Defense minister confirms field hospital operating on Syria border

Moshe Ya’alon also deems ‘price tag’ attacks terror and says negotiations with Palestinians may begin ‘within weeks’

Mitch Ginsburg is the former Times of Israel military correspondent.

Defense Minister Moshe Ya'alon in the Knesset, Monday (photo credit: Avi Ohayon/GPO/Flash90)
Defense Minister Moshe Ya'alon in the Knesset, Monday (photo credit: Avi Ohayon/GPO/Flash90)

Defense Minister Moshe Ya’alon, in a wide-ranging presentation to a Knesset defense oversight committee, confirmed on Monday that Israel is operating a field hospital on the Syrian border and transferring severely wounded Syrian nationals to Israeli hospitals for treatment.

“Our policy is to help in humanitarian cases, and to that end we are operating a field hospital along the Syrian border,” Ya’alon told the Knesset’s Foreign Affairs and Defense Committee. “In cases where there are badly wounded, we transfer them to Israeli hospitals. We have no intention of opening refugee camps.”

The IDF has kept secret the identity and number of Syrian nationals treated in Israel.

Some 80,000 people have been killed during the Syrian civil war, which has raged for over two years. According to recent figures from the  United Nations High Commissioner for Refugees, 1.5 million refugees have fled the country, mostly to Jordan and Lebanon.

Ya’alon, in his first appearance before the committee, discussed an array of issues ranging from the draft of ultra-Orthodox men to the nature of the so-called Price Tag attacks against Palestinian, Christian and left-leaning Jewish targets, which he deemed “terror operations.”

Prior to the meeting, Ya’alon, a former IDF chief of the General Staff, came under fire for barring the committee from seeing IDF officers of their choosing. Ynet reported that committee members accused the defense minister of rendering them a “rubber stamp.”

Committee head Avigdor Liberman said at the outset that he and Ya’alon had “reached an understanding,” adding that he hoped the message would be passed down to all relevant parties and not “stop at the level of the defense minister.”

Ya’alon assured the committee that it would receive “the full cooperation necessary for the security of the state of Israel” — a statement that left ambiguous the matter of whether he felt there should be greater or lesser inclusion of parliamentarians in security affairs.

The armed forces have traditionally been reluctant to share too much information with the parliamentary oversight committee, claiming that classified information all too often is leaked for political gain.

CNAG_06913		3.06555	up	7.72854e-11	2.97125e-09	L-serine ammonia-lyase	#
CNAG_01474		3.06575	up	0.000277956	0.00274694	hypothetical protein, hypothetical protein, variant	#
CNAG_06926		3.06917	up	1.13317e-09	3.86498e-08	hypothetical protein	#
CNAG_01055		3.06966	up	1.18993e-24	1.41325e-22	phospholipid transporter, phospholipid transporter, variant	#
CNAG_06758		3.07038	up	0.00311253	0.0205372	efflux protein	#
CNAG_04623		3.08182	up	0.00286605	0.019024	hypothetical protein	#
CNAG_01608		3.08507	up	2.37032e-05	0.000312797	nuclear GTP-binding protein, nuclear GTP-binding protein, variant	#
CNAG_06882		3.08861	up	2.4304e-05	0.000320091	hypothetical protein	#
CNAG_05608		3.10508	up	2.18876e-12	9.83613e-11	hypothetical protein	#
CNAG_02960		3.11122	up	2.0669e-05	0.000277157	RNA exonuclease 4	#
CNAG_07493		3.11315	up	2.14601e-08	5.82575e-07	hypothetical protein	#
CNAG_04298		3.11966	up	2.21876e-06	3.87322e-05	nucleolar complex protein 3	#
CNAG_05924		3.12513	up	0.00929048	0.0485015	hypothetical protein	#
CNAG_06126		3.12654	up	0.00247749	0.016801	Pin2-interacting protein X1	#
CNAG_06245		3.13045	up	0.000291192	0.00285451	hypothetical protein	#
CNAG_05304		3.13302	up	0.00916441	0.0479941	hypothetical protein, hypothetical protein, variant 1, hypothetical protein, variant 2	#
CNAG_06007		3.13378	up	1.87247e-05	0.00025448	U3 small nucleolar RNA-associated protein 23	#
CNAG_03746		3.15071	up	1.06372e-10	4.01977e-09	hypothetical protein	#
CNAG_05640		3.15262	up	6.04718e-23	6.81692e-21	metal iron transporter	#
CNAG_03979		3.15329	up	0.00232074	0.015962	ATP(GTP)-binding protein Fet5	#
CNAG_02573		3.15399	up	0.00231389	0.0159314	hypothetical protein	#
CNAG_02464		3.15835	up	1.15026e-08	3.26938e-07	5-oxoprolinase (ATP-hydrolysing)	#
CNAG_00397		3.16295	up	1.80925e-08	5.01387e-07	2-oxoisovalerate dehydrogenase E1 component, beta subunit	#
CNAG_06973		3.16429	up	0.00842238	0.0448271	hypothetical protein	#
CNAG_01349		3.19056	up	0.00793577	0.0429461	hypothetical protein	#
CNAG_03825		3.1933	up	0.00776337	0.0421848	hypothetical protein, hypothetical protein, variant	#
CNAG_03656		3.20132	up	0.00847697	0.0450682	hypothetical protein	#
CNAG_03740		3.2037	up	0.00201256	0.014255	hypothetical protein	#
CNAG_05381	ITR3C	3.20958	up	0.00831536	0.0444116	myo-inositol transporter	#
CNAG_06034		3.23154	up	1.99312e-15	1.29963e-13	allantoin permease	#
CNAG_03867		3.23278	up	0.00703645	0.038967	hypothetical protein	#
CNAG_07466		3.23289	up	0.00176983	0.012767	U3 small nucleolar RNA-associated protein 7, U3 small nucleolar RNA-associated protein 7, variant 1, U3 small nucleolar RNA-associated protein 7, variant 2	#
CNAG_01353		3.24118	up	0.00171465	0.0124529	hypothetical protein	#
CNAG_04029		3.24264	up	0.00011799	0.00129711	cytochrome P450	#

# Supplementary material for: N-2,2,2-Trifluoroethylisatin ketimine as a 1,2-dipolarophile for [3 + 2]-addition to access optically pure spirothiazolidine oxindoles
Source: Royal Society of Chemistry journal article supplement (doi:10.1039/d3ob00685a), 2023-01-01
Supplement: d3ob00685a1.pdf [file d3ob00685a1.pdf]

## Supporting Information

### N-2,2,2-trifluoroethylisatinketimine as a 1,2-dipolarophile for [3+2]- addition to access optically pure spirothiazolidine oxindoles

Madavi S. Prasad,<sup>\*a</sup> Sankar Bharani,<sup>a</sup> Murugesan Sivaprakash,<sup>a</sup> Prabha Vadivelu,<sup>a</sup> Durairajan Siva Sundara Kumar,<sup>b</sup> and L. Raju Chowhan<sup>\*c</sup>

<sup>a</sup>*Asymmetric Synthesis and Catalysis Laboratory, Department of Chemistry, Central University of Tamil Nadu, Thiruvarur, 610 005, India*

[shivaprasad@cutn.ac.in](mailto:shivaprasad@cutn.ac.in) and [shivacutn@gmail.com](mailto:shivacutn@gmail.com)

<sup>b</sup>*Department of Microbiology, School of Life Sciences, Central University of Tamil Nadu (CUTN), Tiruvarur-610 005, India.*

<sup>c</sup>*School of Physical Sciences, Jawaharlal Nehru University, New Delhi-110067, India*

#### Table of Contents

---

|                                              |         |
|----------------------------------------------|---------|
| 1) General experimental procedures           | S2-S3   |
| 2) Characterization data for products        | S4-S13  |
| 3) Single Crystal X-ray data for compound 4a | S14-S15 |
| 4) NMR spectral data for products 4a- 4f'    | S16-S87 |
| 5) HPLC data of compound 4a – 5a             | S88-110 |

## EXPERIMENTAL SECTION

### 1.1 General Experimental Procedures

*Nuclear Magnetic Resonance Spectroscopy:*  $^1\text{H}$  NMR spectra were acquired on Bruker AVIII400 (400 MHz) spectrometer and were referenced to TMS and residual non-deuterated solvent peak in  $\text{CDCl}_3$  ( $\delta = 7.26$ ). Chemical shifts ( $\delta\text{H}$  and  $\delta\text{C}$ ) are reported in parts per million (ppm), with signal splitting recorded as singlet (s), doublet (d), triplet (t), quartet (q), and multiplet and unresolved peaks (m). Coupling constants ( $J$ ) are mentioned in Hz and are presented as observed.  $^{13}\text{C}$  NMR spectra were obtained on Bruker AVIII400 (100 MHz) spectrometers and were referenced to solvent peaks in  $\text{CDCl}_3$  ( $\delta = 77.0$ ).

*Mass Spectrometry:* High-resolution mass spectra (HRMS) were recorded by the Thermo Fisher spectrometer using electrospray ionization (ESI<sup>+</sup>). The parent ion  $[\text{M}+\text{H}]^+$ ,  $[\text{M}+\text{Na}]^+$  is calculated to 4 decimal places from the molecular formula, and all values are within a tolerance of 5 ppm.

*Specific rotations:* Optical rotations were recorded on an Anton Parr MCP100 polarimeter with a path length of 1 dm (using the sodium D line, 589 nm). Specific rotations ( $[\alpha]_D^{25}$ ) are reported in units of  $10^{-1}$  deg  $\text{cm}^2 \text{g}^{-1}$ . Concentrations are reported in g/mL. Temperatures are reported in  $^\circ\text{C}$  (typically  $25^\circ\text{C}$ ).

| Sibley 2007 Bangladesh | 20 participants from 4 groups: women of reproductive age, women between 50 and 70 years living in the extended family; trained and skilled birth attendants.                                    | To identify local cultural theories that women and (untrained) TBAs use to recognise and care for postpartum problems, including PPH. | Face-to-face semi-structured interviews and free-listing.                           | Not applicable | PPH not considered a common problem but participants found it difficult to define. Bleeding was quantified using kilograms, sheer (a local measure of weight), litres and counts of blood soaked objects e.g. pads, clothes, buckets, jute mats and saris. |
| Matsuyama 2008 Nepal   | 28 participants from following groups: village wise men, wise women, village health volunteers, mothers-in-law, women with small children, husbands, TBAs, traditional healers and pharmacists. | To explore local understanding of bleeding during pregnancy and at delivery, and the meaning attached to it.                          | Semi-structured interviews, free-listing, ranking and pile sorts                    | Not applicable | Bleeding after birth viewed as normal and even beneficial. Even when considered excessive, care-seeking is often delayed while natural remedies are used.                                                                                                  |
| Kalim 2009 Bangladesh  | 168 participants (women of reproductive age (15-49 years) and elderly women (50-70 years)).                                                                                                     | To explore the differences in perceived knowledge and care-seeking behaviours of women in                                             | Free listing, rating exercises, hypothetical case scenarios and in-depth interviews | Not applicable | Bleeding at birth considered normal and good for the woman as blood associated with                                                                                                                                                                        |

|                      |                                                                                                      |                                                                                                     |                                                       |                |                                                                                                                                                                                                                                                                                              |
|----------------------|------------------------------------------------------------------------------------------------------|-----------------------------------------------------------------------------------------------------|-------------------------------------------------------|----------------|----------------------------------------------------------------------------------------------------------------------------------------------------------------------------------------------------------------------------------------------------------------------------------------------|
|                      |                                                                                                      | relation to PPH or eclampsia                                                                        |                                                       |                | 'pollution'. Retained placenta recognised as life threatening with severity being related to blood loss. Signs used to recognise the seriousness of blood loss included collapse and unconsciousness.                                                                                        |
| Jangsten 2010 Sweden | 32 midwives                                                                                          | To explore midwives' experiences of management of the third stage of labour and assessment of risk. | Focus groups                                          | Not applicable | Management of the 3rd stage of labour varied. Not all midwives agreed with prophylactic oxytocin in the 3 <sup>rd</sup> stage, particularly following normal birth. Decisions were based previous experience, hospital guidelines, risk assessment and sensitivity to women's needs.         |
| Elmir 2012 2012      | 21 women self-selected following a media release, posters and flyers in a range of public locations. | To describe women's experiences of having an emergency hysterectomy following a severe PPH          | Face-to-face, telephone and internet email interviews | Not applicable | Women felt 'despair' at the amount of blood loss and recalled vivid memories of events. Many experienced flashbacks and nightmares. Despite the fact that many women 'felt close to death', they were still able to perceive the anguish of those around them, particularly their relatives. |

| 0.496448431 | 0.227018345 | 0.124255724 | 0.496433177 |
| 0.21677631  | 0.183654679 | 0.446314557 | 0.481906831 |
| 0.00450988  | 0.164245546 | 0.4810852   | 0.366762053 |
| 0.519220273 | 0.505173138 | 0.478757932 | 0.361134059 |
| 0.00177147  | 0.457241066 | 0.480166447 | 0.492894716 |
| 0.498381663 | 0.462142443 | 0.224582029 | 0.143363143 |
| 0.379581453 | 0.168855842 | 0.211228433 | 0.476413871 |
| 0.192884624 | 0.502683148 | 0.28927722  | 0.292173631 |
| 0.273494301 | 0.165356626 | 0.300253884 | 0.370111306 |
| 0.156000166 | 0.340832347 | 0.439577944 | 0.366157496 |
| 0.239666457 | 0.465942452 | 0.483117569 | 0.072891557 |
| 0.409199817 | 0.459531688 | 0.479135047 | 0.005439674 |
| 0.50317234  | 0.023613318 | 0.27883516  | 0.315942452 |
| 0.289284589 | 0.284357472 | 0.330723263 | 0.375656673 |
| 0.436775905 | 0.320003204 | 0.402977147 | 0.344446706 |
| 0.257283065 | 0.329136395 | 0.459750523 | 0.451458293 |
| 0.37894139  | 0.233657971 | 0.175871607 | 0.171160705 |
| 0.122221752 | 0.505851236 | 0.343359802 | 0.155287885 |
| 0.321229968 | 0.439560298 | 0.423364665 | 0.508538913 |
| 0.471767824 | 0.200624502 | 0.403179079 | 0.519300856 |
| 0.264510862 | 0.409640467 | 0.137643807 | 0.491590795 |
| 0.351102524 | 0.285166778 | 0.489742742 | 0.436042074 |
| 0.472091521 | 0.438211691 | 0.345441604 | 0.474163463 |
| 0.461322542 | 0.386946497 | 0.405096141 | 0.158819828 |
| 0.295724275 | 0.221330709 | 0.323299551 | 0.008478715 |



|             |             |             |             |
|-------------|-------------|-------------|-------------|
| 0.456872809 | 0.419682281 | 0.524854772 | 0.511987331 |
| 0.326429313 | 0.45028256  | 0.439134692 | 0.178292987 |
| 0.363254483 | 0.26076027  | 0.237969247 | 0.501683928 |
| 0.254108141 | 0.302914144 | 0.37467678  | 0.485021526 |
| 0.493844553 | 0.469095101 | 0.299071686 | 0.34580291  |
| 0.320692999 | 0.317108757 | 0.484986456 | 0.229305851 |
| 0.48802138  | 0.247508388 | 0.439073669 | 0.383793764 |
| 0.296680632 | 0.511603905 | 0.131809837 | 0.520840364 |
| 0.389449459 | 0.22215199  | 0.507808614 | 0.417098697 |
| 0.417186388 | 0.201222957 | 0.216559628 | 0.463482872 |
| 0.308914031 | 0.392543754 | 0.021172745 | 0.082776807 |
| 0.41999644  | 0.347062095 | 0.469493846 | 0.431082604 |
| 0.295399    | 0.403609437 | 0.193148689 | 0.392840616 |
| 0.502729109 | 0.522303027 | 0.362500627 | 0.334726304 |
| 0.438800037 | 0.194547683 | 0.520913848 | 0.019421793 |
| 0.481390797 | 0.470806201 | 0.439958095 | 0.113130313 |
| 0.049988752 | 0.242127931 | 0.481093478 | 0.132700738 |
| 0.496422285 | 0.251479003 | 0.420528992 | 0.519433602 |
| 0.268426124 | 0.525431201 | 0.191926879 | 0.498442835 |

Former MK and longtime committee member Aryeh Eldad castigated a senior IDF officer last year, saying that “you have never taken the Knesset seriously. You don’t take us into consideration at all.”

Ya’alon began his periodic security briefing with Syria, saying that the country had become “a sparring ground for the superpowers.”

The S-300, a state-of-the-art Russian-made missile system, he said, had not yet been delivered to Syria and, if it is eventually transferred, “that will only happen in 2014.”

Chairman of the Joint Chiefs of Staff, Gen. Martin Dempsey, the commander of the US armed forces, characterized the sale in May as “ill-timed and very unfortunate.”

Prime Minister Benjamin Netanyahu met with Russian President Vladimir Putin in May in an attempt to dissuade him from going ahead with the deal, reportedly indicating that Israel would destroy the missile batteries before they became fully operational.

Minister of Strategic Affairs and Intelligence Yuval Steinitz said last week that the Russian missiles, with a range of over 200 kilometers, would pose a threat to Israeli civilian aircraft flying over the center of the country.

Brig. Gen. (res) Uzi Eilam, former Chief Scientist and director of R&D at the Defense Ministry, noted that the system has been operational for two decades and told Army Radio that “to think that so many years later we still do not have a solution to this thing, I think, is an exaggeration.”

Ya’alon characterized the fighting in Syria as having reached a stalemate, whereby neither side “knows how to handle the other side in order to reach victory.” Bashar Assad’s forces, he said, currently hold only 40 percent of the country and have lost their grip on four neighborhoods in the capital city of Damascus.

Hezbollah, he added, has sent “its best troops” into combat in Syria.

On the Palestinian front, Ya’alon said that Israel was not willing “to pay the Palestinians to come sit around the negotiating table,” and estimated that “within several weeks we will know if the American secretary of state’s efforts have enabled the beginning of talks.”

In the West Bank, he said that despite an overall rise in violence, the Central Command had changed its operational deployment of late and had seen a corresponding dip in the number of violent actions in the area over the past several days.

In addition, he called the hate crimes known as Price Tag attacks “terror operations” and said, “I hope we are able to stop this grave phenomenon.”

The designation is significant. Labeling the attacks terrorism, as Justice Minister Tzipi Livni has sought in recent weeks, would allow Israel’s internal security service additional means, including surveillance without a warrant and a delay in the time elapsed before a suspect is allowed to see a lawyer.

Former deputy head of the Shin Bet, Yitzhak Ilan, said at a security conference in May that “the current state of the law does not correspond to the current state of affairs” and called “for a revision of the matter.”

Ya’alon concluded by addressing the issue of draft. “I would be happy to see more Arabs and more ultra-Orthodox sharing the burden,” he said. “But in my opinion, it was wrong to speak of criminal punishment.”

Stuart Winer and Asher Zeiger contributed to this report.

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